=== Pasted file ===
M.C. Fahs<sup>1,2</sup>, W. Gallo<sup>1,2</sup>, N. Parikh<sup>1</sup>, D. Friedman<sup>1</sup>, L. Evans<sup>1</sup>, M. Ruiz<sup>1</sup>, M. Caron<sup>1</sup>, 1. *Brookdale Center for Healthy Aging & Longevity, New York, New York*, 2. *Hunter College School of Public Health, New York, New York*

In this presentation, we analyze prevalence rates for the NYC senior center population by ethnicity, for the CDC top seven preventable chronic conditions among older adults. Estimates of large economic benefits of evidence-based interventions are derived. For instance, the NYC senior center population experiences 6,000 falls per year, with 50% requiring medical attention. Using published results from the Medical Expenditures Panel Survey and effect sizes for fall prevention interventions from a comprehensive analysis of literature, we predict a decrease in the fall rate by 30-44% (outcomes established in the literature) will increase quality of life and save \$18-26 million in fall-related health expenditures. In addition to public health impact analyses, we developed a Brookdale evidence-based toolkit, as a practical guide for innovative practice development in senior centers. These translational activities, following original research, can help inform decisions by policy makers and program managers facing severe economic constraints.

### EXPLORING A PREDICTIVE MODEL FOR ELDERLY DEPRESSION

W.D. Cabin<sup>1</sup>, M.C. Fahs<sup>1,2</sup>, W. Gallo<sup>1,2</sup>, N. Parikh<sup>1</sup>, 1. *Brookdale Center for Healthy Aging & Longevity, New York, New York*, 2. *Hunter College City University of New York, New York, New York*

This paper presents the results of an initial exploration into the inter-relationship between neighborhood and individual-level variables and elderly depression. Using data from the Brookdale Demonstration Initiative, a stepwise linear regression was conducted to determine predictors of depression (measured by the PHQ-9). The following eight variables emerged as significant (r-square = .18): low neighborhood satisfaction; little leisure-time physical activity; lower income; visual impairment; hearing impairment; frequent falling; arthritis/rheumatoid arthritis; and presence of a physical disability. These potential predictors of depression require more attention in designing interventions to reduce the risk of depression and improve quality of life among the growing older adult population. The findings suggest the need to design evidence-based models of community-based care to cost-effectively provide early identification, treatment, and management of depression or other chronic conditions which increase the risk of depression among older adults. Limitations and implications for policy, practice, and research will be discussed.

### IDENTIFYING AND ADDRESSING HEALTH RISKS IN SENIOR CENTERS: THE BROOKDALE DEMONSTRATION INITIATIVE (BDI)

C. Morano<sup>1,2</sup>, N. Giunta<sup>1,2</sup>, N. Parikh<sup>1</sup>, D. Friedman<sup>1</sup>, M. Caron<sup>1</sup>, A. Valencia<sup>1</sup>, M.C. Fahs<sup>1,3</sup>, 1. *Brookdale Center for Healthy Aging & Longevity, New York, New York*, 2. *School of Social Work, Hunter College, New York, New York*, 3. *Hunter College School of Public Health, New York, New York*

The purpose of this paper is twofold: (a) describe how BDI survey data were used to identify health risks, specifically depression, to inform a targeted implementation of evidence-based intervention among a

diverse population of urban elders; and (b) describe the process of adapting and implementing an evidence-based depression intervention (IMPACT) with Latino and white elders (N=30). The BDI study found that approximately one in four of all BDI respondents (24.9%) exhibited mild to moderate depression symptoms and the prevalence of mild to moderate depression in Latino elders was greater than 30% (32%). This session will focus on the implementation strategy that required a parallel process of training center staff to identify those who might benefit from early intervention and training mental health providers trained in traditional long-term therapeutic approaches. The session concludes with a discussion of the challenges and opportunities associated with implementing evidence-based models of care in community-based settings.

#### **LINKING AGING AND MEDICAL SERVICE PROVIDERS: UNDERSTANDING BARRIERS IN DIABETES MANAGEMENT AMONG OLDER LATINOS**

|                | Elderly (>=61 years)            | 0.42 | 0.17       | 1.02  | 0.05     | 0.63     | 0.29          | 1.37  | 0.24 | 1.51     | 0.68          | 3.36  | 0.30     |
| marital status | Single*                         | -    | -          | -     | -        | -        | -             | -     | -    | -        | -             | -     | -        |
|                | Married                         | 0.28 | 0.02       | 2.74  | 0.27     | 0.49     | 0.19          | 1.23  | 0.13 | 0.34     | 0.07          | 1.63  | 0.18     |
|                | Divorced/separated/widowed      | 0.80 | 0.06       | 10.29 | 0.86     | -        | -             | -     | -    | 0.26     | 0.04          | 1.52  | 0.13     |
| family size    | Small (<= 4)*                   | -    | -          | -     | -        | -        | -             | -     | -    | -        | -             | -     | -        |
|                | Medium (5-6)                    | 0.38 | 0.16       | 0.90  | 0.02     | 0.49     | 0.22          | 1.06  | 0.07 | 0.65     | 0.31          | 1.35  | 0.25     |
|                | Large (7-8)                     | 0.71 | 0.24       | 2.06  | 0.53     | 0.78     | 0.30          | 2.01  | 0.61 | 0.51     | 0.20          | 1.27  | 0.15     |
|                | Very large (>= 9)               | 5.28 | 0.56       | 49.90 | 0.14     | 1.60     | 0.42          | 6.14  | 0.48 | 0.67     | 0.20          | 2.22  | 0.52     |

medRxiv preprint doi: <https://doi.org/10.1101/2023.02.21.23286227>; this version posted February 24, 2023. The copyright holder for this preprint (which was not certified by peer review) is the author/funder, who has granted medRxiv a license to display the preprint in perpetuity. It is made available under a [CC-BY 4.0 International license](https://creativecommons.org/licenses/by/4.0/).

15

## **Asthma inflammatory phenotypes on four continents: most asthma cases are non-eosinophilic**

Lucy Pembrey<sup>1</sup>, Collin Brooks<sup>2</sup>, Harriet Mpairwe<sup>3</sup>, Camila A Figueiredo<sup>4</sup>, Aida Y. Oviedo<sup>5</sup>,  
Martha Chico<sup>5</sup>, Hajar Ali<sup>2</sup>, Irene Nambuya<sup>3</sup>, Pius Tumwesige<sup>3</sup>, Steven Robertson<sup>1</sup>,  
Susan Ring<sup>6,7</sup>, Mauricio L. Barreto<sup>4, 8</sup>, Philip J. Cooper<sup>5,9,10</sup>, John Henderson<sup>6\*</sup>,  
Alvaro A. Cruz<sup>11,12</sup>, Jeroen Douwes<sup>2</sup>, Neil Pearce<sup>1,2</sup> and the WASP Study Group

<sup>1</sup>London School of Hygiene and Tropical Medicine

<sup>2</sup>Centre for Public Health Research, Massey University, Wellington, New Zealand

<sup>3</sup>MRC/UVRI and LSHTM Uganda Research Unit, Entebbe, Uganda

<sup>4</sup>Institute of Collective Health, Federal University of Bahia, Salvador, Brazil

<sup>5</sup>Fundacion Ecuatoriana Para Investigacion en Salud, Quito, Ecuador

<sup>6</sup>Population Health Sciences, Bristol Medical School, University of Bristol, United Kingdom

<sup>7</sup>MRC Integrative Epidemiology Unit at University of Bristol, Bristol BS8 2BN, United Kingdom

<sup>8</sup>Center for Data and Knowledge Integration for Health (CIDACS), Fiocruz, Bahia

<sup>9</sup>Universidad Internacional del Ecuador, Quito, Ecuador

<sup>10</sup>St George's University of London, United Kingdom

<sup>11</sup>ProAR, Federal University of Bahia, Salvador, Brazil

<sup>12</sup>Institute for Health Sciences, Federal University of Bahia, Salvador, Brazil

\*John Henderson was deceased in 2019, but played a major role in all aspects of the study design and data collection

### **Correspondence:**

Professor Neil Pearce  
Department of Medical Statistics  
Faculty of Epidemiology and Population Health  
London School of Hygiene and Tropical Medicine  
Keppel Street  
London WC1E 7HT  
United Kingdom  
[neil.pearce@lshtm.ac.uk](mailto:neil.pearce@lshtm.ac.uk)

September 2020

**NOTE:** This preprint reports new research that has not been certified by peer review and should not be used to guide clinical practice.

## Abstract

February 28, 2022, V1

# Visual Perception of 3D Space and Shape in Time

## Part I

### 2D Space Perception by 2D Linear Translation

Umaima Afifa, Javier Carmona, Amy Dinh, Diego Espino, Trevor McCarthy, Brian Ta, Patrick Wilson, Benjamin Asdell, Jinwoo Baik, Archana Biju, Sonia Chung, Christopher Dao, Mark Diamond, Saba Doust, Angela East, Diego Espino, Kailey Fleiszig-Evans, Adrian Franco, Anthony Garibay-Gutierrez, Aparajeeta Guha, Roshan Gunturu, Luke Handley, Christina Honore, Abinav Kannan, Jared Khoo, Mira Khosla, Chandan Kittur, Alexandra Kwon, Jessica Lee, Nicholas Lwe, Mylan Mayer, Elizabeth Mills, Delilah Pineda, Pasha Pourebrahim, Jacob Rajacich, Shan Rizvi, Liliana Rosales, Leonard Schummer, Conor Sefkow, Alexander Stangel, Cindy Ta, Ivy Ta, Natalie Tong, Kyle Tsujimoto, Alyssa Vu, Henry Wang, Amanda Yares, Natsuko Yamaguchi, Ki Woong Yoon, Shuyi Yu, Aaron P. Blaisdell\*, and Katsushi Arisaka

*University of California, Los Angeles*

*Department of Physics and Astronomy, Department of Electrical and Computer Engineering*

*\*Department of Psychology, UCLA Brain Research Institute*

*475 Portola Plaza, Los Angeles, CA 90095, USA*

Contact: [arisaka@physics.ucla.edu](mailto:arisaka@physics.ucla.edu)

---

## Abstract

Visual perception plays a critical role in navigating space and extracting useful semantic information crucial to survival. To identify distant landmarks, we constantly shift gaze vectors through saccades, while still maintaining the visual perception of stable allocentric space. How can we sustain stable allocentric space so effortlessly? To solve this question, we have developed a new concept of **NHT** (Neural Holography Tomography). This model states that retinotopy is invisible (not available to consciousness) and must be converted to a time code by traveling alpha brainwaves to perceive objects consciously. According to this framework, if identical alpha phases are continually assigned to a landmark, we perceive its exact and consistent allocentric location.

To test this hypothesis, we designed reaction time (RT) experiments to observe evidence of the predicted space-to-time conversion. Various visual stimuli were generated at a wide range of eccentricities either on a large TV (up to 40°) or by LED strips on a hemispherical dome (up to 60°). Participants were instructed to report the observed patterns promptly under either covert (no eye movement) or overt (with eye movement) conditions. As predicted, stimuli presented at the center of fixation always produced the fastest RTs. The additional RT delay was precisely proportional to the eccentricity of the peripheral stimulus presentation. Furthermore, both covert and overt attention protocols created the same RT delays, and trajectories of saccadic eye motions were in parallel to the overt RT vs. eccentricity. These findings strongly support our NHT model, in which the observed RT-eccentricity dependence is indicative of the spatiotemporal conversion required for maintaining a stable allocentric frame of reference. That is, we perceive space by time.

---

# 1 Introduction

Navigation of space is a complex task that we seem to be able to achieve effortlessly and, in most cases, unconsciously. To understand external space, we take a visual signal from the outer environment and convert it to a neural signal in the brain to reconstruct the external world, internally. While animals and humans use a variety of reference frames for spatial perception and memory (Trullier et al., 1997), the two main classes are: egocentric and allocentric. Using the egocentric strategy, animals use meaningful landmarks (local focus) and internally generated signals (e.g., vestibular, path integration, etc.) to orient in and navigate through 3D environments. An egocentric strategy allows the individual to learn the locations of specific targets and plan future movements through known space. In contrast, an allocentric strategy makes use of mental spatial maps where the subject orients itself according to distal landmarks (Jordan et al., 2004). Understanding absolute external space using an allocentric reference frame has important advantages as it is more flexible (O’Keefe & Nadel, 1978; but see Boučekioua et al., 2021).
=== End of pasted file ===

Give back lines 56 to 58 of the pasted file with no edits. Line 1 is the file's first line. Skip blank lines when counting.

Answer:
*University of California, Los Angeles*

*Department of Physics and Astronomy, Department of Electrical and Computer Engineering*

*\*Department of Psychology, UCLA Brain Research Institute*